4. An orbital tour of cities at night (words by Rachel Morgan) – This tender and contemplative song establishes a link between the energy we routinely utilize in our daily lives and the methods employed to generate it. I aimed for the song to adopt a subtly poignant tone, mirroring the unassuming little actions within a household, while lamenting the harm inflicted by the production of the energy we often needlessly consume.

5. Earth Elegy (words by Stephanie Schultz) – This contemplative song delves into the profound impact that fracking exacts on both our physical well-being and mental health.

6. Lullaby in Fracktown (words by Lilace Mellin Guignard) – A sweetly vulnerable and heartfelt song that paints a picture of a mother’s comforting embrace as she reassures and consoles her young child. In this lyrical canvas, childlike innocence and imagery harmonize with the poignant reality that the child’s father, an oil and gas worker, finds himself in a necessary role to provide for their family.

7. Ag Land (words by Wayne Mennecke) – This song serves as a character study of a ‘roughneck’ oil and gas worker, quietly seated in a bar. The narrator watches this person with a sense of admiration, although their fascination is layered with complexity. As a result, the song’s rhythm alternates between a flirtatious swing beat and a somber, steady meter to capture the intricate allure of the scene.

8. Prophecy (words by Mark Trechok) – As the second of three epic songs in the cycle, this song commences with a triumphant piano fanfare reminiscent of the grandeur found at an Olympic opening ceremony. As the voice joins in, it delivers a stately anthem, albeit tinged with a subtle mockery that mirrors the polished corporate image often projected by the oil and gas industry. Gradually, the song takes on an ominous and foreboding tone, vividly describing the harsh realities of the destruction wrought by Big Oil. The piano steadily escalates in intensity, embracing dissonance to convey the horrors of this devastation. The song concludes with a macabre twist on the earlier prideful anthem, its tone solemn as it quotes a biblical verse that forewarns of an apocalyptic future, offering a chilling reflection on the world’s trajectory.

9. For My Daughter (words by Michelle Regalado Deatrick) – This is another song that portrays a mother’s deep contemplation, this time focused on the weighty consequences her actions may inflict upon her child’s future. She grapples with the enduring impact of her choices, should she persist in neglecting the environment in the present.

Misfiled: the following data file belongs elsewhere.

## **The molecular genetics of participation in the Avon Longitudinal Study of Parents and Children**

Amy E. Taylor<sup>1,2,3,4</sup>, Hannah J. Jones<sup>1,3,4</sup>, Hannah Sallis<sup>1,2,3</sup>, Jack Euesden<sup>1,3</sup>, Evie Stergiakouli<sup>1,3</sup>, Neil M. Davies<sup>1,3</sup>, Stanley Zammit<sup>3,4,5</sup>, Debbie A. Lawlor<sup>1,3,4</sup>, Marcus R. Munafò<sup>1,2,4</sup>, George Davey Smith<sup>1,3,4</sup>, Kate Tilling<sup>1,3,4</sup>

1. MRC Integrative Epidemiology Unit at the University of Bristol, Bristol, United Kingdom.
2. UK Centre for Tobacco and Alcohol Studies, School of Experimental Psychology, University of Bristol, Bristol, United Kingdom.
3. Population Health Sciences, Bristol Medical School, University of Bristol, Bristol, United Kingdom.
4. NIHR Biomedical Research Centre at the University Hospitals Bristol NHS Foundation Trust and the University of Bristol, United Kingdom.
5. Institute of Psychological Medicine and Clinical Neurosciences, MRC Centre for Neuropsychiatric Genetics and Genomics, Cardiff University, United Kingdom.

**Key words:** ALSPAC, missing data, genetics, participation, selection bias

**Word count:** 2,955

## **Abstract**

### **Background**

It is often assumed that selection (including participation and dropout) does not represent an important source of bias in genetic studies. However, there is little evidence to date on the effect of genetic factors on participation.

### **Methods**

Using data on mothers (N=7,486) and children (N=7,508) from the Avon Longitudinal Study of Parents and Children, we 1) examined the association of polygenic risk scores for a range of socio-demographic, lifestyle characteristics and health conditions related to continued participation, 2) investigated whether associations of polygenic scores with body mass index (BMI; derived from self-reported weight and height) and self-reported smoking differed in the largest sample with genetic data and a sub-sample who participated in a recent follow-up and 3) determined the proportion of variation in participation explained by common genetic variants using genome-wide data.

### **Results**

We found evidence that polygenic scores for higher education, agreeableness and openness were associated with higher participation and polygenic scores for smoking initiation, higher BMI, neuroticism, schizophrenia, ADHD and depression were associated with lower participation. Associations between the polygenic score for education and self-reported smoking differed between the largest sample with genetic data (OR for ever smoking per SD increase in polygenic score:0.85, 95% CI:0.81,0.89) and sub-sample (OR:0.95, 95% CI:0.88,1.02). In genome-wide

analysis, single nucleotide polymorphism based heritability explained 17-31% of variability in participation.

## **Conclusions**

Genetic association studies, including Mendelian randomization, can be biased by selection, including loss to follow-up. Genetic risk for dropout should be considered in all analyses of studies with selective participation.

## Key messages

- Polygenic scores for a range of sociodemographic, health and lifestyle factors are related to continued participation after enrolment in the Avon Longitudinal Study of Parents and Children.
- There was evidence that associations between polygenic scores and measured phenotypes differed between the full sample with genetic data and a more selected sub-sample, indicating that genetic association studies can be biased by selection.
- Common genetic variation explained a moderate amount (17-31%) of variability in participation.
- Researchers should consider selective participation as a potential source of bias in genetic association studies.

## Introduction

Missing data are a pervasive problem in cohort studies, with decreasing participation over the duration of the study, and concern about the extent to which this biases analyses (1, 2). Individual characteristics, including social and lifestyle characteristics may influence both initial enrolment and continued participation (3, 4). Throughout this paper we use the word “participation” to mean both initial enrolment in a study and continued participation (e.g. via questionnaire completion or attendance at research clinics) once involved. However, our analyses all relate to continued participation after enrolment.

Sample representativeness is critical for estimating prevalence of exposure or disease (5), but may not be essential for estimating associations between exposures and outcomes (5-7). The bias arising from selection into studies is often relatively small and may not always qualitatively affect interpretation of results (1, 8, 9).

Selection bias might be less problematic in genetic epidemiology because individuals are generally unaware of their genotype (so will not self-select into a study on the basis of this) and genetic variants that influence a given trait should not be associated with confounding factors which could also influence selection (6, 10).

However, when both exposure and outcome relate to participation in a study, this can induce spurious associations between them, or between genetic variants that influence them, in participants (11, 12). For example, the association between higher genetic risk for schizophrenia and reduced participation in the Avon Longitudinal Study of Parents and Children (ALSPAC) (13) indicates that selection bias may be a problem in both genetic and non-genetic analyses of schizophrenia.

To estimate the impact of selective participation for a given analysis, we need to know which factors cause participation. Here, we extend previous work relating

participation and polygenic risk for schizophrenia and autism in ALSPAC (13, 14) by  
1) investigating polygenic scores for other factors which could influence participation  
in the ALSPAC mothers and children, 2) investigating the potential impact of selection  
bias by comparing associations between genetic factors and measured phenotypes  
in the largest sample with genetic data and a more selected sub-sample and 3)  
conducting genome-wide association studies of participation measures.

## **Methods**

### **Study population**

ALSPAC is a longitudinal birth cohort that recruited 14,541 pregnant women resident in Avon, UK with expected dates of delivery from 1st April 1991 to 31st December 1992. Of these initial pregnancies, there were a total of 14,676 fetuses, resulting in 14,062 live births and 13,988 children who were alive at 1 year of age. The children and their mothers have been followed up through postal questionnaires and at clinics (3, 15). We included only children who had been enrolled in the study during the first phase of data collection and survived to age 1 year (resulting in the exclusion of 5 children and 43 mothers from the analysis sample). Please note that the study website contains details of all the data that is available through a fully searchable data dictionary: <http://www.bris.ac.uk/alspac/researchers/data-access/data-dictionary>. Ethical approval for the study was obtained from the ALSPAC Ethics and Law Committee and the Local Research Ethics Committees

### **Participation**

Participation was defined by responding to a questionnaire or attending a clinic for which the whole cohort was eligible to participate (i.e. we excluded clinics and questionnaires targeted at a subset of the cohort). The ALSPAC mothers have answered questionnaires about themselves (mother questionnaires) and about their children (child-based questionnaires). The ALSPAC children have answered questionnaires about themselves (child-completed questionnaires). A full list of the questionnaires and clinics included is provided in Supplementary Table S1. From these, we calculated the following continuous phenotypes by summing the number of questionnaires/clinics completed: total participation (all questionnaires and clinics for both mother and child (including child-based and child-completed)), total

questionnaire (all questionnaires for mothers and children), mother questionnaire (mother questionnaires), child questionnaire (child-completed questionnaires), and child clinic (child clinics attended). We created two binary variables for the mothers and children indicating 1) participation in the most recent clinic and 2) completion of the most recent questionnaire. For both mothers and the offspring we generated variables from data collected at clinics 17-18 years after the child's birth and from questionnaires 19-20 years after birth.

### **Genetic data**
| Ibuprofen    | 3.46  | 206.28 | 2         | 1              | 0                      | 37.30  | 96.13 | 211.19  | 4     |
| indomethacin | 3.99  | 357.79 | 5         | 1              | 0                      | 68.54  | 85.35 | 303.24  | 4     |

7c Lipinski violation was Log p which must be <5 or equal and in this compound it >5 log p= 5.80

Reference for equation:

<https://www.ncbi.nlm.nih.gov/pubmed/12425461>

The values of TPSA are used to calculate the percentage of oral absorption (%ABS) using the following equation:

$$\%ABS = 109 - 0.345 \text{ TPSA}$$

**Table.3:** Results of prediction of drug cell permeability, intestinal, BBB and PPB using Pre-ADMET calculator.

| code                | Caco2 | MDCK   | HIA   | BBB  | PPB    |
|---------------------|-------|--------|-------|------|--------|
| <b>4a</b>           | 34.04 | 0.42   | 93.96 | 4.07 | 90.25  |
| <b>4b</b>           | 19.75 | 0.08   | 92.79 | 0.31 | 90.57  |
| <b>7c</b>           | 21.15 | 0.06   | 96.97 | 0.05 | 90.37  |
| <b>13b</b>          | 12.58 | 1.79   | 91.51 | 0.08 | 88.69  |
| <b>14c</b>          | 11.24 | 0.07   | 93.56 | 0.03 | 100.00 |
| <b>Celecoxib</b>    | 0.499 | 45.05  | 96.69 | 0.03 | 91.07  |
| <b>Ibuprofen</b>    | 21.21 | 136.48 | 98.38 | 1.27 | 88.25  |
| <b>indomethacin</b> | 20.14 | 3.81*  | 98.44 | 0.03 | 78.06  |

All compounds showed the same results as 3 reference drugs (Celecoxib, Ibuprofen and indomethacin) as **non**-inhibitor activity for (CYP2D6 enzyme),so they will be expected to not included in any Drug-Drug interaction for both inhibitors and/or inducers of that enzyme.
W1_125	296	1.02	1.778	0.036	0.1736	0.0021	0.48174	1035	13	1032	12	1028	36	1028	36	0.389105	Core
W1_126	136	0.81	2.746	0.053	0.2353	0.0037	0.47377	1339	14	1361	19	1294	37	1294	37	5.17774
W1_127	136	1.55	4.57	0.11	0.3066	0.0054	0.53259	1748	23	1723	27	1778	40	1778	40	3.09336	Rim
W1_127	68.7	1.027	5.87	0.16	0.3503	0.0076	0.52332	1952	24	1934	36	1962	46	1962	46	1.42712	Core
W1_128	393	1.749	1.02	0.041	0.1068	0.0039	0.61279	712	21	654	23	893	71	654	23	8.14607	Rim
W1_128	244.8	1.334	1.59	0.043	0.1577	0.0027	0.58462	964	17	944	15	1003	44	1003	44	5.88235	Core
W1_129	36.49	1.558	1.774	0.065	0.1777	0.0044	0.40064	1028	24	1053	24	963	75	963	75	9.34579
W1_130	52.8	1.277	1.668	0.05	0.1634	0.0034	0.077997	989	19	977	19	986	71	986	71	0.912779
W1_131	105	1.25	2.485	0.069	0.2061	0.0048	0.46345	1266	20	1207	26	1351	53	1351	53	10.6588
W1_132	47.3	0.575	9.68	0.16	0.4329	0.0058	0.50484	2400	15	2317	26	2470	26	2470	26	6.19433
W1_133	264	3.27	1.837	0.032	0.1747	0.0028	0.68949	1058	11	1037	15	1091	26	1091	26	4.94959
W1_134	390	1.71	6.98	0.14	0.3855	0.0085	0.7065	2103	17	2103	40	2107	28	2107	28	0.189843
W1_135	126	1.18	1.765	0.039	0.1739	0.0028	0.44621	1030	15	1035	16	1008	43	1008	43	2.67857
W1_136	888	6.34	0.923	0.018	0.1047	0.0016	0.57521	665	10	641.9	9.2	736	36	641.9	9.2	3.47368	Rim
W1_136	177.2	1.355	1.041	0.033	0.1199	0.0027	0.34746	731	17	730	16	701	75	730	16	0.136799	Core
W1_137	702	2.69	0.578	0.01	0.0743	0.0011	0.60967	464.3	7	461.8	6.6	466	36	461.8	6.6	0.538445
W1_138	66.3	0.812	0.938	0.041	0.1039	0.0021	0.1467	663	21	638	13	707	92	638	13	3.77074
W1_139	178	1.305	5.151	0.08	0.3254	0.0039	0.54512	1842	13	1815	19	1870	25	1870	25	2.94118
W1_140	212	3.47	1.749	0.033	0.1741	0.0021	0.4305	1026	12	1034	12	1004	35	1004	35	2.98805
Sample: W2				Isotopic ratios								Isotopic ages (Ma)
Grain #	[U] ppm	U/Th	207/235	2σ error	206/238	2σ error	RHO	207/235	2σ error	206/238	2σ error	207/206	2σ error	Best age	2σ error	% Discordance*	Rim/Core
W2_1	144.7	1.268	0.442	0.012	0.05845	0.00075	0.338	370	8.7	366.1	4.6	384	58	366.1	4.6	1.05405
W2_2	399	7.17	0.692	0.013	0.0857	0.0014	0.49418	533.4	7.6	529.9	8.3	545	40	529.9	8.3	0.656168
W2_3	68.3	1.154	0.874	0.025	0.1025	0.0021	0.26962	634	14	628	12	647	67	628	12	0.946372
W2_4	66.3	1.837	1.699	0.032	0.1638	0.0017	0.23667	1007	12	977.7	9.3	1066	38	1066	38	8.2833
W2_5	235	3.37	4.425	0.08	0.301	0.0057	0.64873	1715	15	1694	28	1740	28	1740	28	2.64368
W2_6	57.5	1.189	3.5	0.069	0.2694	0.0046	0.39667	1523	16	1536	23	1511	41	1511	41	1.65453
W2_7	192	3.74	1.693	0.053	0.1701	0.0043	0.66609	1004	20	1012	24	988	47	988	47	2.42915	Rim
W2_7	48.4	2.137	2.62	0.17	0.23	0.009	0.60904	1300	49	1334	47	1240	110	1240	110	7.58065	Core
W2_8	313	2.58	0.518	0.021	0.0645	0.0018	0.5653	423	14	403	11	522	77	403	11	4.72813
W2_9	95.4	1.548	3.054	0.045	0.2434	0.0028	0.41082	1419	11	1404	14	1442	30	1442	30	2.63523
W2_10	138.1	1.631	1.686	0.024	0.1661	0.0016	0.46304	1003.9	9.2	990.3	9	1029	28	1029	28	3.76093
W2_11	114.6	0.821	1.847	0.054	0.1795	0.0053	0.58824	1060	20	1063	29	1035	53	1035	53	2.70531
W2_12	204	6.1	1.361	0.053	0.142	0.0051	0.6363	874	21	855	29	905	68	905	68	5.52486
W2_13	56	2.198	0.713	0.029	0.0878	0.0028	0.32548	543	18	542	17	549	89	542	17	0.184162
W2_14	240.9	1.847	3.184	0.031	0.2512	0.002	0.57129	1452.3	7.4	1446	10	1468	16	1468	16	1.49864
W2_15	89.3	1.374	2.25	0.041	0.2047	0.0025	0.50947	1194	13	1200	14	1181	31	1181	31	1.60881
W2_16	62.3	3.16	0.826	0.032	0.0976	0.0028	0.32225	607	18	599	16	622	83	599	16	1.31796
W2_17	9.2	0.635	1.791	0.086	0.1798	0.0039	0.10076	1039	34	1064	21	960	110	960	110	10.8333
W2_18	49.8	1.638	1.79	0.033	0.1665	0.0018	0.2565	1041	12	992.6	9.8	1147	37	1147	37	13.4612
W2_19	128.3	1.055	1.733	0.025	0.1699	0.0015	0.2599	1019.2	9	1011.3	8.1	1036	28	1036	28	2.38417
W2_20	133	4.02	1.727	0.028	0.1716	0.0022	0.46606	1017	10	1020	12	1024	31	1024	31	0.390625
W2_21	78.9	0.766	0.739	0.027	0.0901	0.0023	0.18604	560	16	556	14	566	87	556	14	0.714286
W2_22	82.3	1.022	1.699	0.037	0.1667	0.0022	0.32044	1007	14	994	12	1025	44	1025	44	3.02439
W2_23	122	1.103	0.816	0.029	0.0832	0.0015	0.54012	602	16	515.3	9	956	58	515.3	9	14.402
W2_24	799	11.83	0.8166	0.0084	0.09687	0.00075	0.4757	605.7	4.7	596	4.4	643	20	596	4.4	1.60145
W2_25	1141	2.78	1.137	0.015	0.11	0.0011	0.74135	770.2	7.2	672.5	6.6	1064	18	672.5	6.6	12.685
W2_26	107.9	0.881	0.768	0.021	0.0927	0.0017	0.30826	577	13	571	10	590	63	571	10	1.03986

10. Shift (words by Wayne Mennecke) – This is the second comprehensive musical character study within the cycle, though this time it centers around a fellow science enthusiast and friend. In the first half of the song, we celebrate their remarkable sense of discovery and intelligence. However, as the song progresses, a palpable shift occurs. Some time later, we observe our subject’s demeanor darken, their once vibrant joy for life diminished. Why? It is the melancholic consequence of their current occupation, working for Big Oil, and the profound toll it exacts on the human spirit.

11. It Was An October Day (words by Christine Pennylegion) – I saw this emotional verse as an ideal follow-up to the second song, Seduction. It poignantly captures the prevalent experience of landowners who, after striking deals with Big Oil to permit fracking on their land, find themselves betrayed, violated, and in financial hardship. The vocals in this lament are profoundly heartfelt and unrestrained, while the piano accompaniment remains sparse, allowing the haunting emptiness of the situation to fully resonate.

12. Homeland Security (words by Alison Hawthorne Deming) – The final epic song in the cycle encapsulates the devastation wrought by extracting oil from the earth while resolutely asserting the necessity of military discipline to safeguard this plunder. The music resonates with an unwavering sense of pride, underscoring the belief that our magnificent planet is a treasure to be cherished and preserved.

13. Phoenix Rising (words by Kathleen Burke) – This serves as the epilogue to the cycle. It foresees a world destroyed by flames. Is it a foreshadowing of a future yet to come, or have we already arrived at this dire juncture? Instead of succumbing to sorrow over this outcome, this piece offers a serene reflection on the prospect of ecological and spiritual rebirth—a way for humanity to move forward.

– Frank Horvat

Commissioned by Meredith Hall with the financial support of the Ontario Arts Council and the SOCAN Foundation.

Album recording funded by the Canada Council for the Arts, Ontario Arts Council and FACTOR.

Ontario Arts Council

SOCAN Foundation